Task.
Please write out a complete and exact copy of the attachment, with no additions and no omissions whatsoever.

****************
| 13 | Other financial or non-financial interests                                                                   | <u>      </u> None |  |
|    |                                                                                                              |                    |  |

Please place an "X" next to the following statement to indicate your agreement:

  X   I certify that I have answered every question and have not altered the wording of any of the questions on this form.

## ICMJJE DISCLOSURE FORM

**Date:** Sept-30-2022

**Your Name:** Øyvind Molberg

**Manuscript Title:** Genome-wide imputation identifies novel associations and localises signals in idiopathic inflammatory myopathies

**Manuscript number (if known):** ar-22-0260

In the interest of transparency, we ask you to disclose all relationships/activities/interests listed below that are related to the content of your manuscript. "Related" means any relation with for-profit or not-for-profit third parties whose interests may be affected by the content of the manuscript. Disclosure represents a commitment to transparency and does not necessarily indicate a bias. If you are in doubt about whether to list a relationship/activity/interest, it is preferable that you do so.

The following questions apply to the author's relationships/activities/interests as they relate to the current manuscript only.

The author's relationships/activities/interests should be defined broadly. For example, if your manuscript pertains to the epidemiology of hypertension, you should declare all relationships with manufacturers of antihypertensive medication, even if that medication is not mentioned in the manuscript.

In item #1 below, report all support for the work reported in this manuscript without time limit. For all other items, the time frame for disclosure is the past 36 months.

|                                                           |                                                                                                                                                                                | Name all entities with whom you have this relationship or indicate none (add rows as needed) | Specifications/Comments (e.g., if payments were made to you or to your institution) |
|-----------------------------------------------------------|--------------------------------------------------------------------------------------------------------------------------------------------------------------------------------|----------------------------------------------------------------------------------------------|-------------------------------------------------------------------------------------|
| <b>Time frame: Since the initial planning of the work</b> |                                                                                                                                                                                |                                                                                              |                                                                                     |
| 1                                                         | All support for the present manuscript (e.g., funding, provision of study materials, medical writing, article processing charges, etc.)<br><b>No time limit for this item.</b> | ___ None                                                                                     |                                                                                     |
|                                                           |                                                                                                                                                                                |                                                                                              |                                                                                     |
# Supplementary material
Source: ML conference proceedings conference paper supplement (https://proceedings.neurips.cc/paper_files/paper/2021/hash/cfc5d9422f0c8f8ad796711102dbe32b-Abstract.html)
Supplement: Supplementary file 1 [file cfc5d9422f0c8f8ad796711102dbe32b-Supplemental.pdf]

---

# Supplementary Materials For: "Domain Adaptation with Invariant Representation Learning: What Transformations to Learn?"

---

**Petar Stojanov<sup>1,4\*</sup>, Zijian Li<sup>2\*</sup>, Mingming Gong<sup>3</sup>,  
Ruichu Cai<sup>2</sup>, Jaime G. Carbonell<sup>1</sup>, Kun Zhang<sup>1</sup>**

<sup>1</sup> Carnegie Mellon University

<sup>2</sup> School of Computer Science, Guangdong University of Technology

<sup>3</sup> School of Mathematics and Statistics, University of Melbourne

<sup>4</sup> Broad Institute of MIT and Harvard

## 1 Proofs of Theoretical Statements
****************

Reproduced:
| 13 | Other financial or non-financial interests                                                                   | <u>      </u> None |  |
|    |                                                                                                              |                    |  |

Please place an "X" next to the following statement to indicate your agreement:

  X   I certify that I have answered every question and have not altered the wording of any of the questions on this form.

## ICMJJE DISCLOSURE FORM

**Date:** Sept-30-2022

**Your Name:** Øyvind Molberg

**Manuscript Title:** Genome-wide imputation identifies novel associations and localises signals in idiopathic inflammatory myopathies

**Manuscript number (if known):** ar-22-0260

In the interest of transparency, we ask you to disclose all relationships/activities/interests listed below that are related to the content of your manuscript. "Related" means any relation with for-profit or not-for-profit third parties whose interests may be affected by the content of the manuscript. Disclosure represents a commitment to transparency and does not necessarily indicate a bias. If you are in doubt about whether to list a relationship/activity/interest, it is preferable that you do so.

The following questions apply to the author's relationships/activities/interests as they relate to the current manuscript only.

The author's relationships/activities/interests should be defined broadly. For example, if your manuscript pertains to the epidemiology of hypertension, you should declare all relationships with manufacturers of antihypertensive medication, even if that medication is not mentioned in the manuscript.

In item #1 below, report all support for the work reported in this manuscript without time limit. For all other items, the time frame for disclosure is the past 36 months.

|                                                           |                                                                                                                                                                                | Name all entities with whom you have this relationship or indicate none (add rows as needed) | Specifications/Comments (e.g., if payments were made to you or to your institution) |
|-----------------------------------------------------------|--------------------------------------------------------------------------------------------------------------------------------------------------------------------------------|----------------------------------------------------------------------------------------------|-------------------------------------------------------------------------------------|
| <b>Time frame: Since the initial planning of the work</b> |                                                                                                                                                                                |                                                                                              |                                                                                     |
| 1                                                         | All support for the present manuscript (e.g., funding, provision of study materials, medical writing, article processing charges, etc.)<br><b>No time limit for this item.</b> | ___ None                                                                                     |                                                                                     |
|                                                           |                                                                                                                                                                                |                                                                                              |                                                                                     |
# Supplementary material
Source: ML conference proceedings conference paper supplement (https://proceedings.neurips.cc/paper_files/paper/2021/hash/cfc5d9422f0c8f8ad796711102dbe32b-Abstract.html)
Supplement: Supplementary file 1 [file cfc5d9422f0c8f8ad796711102dbe32b-Supplemental.pdf]

---

# Supplementary Materials For: "Domain Adaptation with Invariant Representation Learning: What Transformations to Learn?"

---

**Petar Stojanov<sup>1,4\*</sup>, Zijian Li<sup>2\*</sup>, Mingming Gong<sup>3</sup>,  
Ruichu Cai<sup>2</sup>, Jaime G. Carbonell<sup>1</sup>, Kun Zhang<sup>1</sup>**

<sup>1</sup> Carnegie Mellon University

<sup>2</sup> School of Computer Science, Guangdong University of Technology

<sup>3</sup> School of Mathematics and Statistics, University of Melbourne

<sup>4</sup> Broad Institute of MIT and Harvard

## 1 Proofs of Theoretical Statements